What began in 2010- 2012 for the federal and state government FHA/ID DOT, and collaborating public land and resource managing agencies and their select partners, is culminating in conclusions they have drawn. We are now at a point in the process where The Impact Population is being steered toward end results these many other interests have designed and have tailored their science to support.
It is by honest and full-disclosure metrics, an unacceptable and unworthy process, flawed from inception. It did not begin at ‘a point of true beginning’ and has neglected The Public that these governmental agencies serve, while it has heavily favored and involved the participation of non-governmental and special interest groups and their well published agendas.
I have raised a family. I recognized years ago the value of the strategy in times of conflict which offered my children alternatives, allowing them to make a preferred choice from among several. I had already pre-determined and designed the choices I offered to them. This two-fold strategy was deliberate. (1) the multiples created the illusion of their inclusion in the process and (2) gave them a sense of empowerment in their self-determination. Of course, all of the alternatives I offered were acceptable outcomes to me. It took them years to realize the choices they made in those circumstances, were choices I had already made for them before they were ever offered.
My opinion is that, any future alternatives that might be offered in this deeply flawed process, will be qualified by the same strategy.
I do not envy your position….trying to correct, what cannot be corrected.”
(copied with permission)
There are Public Laws that guarantee Public Participation that say it MUST HAPPEN AT THE BEGINNING when considering changes to USFS Public Land. The map clearly shows forestland will be involved.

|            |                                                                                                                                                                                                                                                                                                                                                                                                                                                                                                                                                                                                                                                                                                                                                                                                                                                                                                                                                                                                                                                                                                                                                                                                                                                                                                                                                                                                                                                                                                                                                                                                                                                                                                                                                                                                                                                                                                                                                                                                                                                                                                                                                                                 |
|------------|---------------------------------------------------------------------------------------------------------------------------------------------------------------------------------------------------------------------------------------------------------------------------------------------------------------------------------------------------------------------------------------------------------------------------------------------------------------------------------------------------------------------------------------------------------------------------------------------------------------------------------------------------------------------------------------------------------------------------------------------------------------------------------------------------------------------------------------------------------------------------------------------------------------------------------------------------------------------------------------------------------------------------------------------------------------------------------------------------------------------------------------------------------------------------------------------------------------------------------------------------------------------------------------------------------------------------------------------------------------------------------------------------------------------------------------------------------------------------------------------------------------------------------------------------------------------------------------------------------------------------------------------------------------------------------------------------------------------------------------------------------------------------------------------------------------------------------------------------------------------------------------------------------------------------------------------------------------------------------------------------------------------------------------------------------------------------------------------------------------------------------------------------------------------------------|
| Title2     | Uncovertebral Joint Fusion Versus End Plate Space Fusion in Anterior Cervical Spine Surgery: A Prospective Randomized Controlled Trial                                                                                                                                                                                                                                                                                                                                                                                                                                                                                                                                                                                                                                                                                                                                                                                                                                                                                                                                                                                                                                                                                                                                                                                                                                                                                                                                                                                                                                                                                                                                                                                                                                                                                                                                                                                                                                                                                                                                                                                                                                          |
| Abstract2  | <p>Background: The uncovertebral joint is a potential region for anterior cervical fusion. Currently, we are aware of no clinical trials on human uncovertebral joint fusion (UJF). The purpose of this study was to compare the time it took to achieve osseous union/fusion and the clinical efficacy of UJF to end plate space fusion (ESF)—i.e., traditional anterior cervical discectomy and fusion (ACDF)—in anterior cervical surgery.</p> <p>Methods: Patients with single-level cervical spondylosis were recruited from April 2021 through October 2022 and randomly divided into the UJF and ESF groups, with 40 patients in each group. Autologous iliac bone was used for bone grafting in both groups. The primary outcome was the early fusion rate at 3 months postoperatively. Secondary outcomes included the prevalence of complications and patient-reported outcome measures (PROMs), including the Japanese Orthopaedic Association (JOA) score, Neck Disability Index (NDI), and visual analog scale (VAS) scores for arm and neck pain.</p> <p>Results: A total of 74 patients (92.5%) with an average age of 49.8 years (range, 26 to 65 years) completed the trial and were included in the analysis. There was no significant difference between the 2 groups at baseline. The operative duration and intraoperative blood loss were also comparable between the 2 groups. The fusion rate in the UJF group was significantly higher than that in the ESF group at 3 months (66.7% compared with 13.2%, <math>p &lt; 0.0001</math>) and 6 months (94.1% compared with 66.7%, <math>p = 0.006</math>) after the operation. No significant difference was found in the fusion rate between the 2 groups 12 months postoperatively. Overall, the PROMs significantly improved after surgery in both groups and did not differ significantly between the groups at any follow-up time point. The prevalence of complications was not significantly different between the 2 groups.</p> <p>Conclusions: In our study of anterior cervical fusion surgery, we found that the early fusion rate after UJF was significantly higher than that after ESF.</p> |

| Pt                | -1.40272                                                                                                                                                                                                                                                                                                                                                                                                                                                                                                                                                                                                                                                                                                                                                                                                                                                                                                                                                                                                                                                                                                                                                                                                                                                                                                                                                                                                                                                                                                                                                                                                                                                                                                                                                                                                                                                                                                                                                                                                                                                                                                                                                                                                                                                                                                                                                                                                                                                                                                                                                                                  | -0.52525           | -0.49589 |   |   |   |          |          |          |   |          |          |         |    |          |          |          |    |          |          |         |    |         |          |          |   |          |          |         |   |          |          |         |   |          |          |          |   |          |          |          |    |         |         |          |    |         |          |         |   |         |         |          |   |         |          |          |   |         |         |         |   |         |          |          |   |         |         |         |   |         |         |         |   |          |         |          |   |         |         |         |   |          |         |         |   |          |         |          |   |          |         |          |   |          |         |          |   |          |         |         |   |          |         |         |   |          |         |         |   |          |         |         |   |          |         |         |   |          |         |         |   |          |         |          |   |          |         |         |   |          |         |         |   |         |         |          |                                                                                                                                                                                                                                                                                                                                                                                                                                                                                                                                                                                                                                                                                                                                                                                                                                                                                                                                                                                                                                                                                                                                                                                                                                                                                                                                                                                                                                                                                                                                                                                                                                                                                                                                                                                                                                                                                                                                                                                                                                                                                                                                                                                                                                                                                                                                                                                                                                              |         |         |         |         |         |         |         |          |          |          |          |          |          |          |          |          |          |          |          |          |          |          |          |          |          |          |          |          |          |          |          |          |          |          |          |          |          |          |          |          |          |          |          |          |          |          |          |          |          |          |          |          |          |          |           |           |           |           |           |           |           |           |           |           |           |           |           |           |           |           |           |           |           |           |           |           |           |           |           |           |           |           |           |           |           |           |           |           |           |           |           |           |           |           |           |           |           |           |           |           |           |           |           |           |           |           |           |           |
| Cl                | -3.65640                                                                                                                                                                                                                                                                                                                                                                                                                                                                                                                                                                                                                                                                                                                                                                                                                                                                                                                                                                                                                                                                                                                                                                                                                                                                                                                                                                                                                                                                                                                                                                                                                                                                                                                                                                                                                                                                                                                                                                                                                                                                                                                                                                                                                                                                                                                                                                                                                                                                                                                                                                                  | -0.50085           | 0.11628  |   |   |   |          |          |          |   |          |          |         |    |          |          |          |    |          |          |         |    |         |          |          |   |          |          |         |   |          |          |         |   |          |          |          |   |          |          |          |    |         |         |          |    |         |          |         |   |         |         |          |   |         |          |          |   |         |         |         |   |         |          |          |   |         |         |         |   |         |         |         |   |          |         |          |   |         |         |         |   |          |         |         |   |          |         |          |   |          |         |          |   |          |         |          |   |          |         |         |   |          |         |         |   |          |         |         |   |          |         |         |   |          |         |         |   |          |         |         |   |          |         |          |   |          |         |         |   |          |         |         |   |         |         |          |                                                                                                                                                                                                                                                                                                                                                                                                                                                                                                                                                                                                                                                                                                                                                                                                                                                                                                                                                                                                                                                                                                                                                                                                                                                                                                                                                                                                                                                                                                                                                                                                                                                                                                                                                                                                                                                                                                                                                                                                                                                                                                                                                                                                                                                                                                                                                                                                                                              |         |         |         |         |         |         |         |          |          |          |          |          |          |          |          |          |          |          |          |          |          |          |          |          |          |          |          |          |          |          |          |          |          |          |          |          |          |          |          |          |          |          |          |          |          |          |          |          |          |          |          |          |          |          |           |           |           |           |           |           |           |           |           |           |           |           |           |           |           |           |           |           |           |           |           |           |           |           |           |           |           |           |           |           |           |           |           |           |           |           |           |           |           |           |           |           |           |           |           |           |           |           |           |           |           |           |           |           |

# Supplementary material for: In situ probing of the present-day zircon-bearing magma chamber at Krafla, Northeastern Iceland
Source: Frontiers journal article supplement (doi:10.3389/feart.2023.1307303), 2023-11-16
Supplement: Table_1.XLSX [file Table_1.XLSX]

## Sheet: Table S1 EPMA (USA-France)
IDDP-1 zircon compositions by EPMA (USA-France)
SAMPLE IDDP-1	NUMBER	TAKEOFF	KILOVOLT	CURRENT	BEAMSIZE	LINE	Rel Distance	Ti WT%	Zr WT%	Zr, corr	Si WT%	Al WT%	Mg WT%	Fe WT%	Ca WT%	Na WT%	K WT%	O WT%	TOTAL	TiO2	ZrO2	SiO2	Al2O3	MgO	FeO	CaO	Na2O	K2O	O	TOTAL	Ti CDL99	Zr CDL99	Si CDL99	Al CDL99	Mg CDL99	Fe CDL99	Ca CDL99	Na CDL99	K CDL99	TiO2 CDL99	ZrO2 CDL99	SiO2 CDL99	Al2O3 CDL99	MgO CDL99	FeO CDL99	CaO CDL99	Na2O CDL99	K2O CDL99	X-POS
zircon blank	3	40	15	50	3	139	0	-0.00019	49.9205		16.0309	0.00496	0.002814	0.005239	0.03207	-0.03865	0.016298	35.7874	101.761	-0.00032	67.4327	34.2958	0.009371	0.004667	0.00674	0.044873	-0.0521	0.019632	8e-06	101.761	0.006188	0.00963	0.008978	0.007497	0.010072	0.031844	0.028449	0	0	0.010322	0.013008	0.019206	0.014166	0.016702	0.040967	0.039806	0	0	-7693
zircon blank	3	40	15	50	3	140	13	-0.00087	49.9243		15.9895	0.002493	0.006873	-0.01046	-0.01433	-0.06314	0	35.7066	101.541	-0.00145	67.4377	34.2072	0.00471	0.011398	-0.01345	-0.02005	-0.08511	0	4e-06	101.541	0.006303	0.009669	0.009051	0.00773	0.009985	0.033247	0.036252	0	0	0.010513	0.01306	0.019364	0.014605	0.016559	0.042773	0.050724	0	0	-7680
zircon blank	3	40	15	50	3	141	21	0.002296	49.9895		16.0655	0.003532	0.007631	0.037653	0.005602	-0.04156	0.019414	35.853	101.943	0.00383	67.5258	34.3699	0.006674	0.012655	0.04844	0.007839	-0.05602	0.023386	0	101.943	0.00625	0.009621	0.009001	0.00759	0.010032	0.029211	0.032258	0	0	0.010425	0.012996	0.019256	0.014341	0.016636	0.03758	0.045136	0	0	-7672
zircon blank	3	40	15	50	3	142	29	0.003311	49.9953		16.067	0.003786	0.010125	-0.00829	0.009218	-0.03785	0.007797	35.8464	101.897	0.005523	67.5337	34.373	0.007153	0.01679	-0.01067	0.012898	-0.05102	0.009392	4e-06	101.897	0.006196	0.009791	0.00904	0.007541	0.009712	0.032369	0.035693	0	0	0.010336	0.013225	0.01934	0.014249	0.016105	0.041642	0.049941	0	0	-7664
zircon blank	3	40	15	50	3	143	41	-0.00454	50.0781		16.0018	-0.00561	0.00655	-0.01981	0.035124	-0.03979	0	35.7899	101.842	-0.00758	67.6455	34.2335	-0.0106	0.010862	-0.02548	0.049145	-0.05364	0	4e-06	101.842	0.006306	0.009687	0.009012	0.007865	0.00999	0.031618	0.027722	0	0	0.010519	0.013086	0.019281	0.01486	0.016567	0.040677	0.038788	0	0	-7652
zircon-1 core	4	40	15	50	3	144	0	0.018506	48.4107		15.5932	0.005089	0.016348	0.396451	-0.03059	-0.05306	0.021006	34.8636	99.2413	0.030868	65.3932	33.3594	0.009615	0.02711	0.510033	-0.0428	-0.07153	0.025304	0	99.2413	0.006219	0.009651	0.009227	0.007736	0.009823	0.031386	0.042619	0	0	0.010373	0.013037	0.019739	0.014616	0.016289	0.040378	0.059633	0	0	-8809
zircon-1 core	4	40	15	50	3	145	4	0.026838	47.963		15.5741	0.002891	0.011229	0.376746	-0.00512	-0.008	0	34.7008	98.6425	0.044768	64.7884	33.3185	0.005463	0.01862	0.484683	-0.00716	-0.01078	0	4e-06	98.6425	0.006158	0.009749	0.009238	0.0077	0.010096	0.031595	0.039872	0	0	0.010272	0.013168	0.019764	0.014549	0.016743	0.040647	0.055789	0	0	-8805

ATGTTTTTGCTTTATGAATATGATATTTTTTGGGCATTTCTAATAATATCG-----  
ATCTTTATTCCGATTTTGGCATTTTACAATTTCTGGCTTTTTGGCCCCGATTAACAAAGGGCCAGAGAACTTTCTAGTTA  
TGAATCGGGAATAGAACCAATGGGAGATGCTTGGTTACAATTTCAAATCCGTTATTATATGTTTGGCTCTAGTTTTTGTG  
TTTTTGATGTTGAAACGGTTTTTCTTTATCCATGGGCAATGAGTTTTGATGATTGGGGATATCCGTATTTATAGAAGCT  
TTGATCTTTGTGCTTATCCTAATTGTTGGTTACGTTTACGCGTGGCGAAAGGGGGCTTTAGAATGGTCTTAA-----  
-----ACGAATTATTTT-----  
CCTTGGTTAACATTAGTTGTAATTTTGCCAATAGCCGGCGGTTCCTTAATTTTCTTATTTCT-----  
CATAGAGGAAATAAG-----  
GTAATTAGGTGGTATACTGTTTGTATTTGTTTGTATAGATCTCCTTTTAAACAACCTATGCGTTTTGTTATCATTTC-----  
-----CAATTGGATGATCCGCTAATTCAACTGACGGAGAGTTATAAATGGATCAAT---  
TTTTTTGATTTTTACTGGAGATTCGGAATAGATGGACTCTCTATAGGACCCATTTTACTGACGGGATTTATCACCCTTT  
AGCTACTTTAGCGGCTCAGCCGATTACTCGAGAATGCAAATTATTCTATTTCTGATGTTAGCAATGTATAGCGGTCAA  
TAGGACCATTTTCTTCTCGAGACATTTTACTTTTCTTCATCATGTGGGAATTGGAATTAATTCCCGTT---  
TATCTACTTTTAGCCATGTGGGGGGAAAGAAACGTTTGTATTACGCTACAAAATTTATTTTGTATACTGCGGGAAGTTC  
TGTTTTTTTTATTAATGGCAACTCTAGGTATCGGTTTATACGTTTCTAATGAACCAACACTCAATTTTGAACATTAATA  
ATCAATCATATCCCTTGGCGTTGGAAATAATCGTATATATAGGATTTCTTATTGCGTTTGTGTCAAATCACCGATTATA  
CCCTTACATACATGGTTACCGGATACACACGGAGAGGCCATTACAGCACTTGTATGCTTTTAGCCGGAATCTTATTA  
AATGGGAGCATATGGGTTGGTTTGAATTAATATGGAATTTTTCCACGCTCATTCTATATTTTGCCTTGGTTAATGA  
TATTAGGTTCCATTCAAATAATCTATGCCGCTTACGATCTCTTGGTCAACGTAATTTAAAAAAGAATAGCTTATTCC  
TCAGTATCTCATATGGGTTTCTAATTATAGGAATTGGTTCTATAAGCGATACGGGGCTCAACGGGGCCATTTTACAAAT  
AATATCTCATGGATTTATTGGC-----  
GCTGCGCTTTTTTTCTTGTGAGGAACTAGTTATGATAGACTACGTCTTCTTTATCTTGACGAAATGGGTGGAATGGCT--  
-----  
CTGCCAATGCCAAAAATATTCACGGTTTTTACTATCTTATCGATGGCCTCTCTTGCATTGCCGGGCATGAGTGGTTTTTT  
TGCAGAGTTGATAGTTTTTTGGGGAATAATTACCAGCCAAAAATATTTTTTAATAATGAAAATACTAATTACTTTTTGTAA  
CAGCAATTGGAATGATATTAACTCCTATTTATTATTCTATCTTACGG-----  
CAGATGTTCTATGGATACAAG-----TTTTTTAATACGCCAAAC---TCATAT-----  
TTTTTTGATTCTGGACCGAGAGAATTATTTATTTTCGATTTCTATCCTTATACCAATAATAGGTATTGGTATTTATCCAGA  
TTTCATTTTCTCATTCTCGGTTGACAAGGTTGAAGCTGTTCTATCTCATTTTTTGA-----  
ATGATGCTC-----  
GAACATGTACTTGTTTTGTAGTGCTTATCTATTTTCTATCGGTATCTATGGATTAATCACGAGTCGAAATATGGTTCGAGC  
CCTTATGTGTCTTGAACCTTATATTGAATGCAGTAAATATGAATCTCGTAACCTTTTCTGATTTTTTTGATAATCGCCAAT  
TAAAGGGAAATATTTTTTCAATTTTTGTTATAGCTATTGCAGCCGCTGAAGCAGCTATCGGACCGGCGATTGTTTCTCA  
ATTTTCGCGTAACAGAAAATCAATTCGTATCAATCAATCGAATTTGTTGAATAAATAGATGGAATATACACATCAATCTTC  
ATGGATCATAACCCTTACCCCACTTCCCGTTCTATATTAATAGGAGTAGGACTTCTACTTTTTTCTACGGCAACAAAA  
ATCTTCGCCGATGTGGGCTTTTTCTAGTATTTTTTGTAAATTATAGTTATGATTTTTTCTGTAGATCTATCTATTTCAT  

In the case of the Federal Highway Administration and their state agencies the law is 23 CFR § 771.105(c).
Look it up. Other federal and state agencies have their own to which they are obligated.
The current HWY 20 Corridor planning process has not only violated the public trust of Island Park, ID IDT and their partnering NGOs, state agencies and select groups, serious questions have been asked…have they violated FHA's own policy?
We need to take our future fate into our own hands.
If work needs to be done at Targhee Pass, then we need to begin at the place where the county and the community assists in identifying the wants and needs, understands fully the intent of any project and the end goal. We need an equal opportunity to suggest alternatives and conduct studies toward goals we would like to see achieved here. A great deal of public money is being spent/is being budgeted toward, potential work on HWY 20 in the next few years. Federal and state government agencies work for us.
If regional NGOs want to advance their own private and published agenda, let them do it on their own dime, they should not be allowed to insert themselves inside of a public transportation project. There are no private/public partnerships that spend and commit public money, that should be allowed to exclude the public in either setting goals or making plans, and then expect the public check book to pay for it.
The ITD overlay map is troubling. Clearly it illustrates corridor planning and public forestlands will need to be involved. What designation will be ‘overlaid’ on The Targhee where multiple use is now allowed, but a future corridor consideration would share the same forest? The Continental Divide is here. Human use and enjoyment of that landmark is among the most valued in this region.
For the last two years the Island Park Preservation Coalition has worked on a legislative draft that seeks to keep Island Park-Island Park and prevent against new federal designations over public land, without local, state, and congressional involvement and support. That legislative consideration has been sent on to our Idaho senators with the blessing of the Fremont County Commissioners. The IPPC working group worked hard to draw that line in the sand given their community mandate to do so.
This new potential conservation community initiative being suggested as an alternative for Targhee Pass is also going to require it’s own line in the sand.
So Island Park, where do we want to go from here?
Do WE want to decide OUR OWN FUTURE, or do you want someone else to do that for us?
First and foremost, The overpass alternative presentation-Renee Seidler and Kim Trotter were literally front and center at the information staging in the room.
It was presented on graphics generated (the same as the rest of the information-so obviously ITD produced them), and Renee Seidler was there to promote and inform the visiting public all about the alternative she and others have been working on for years.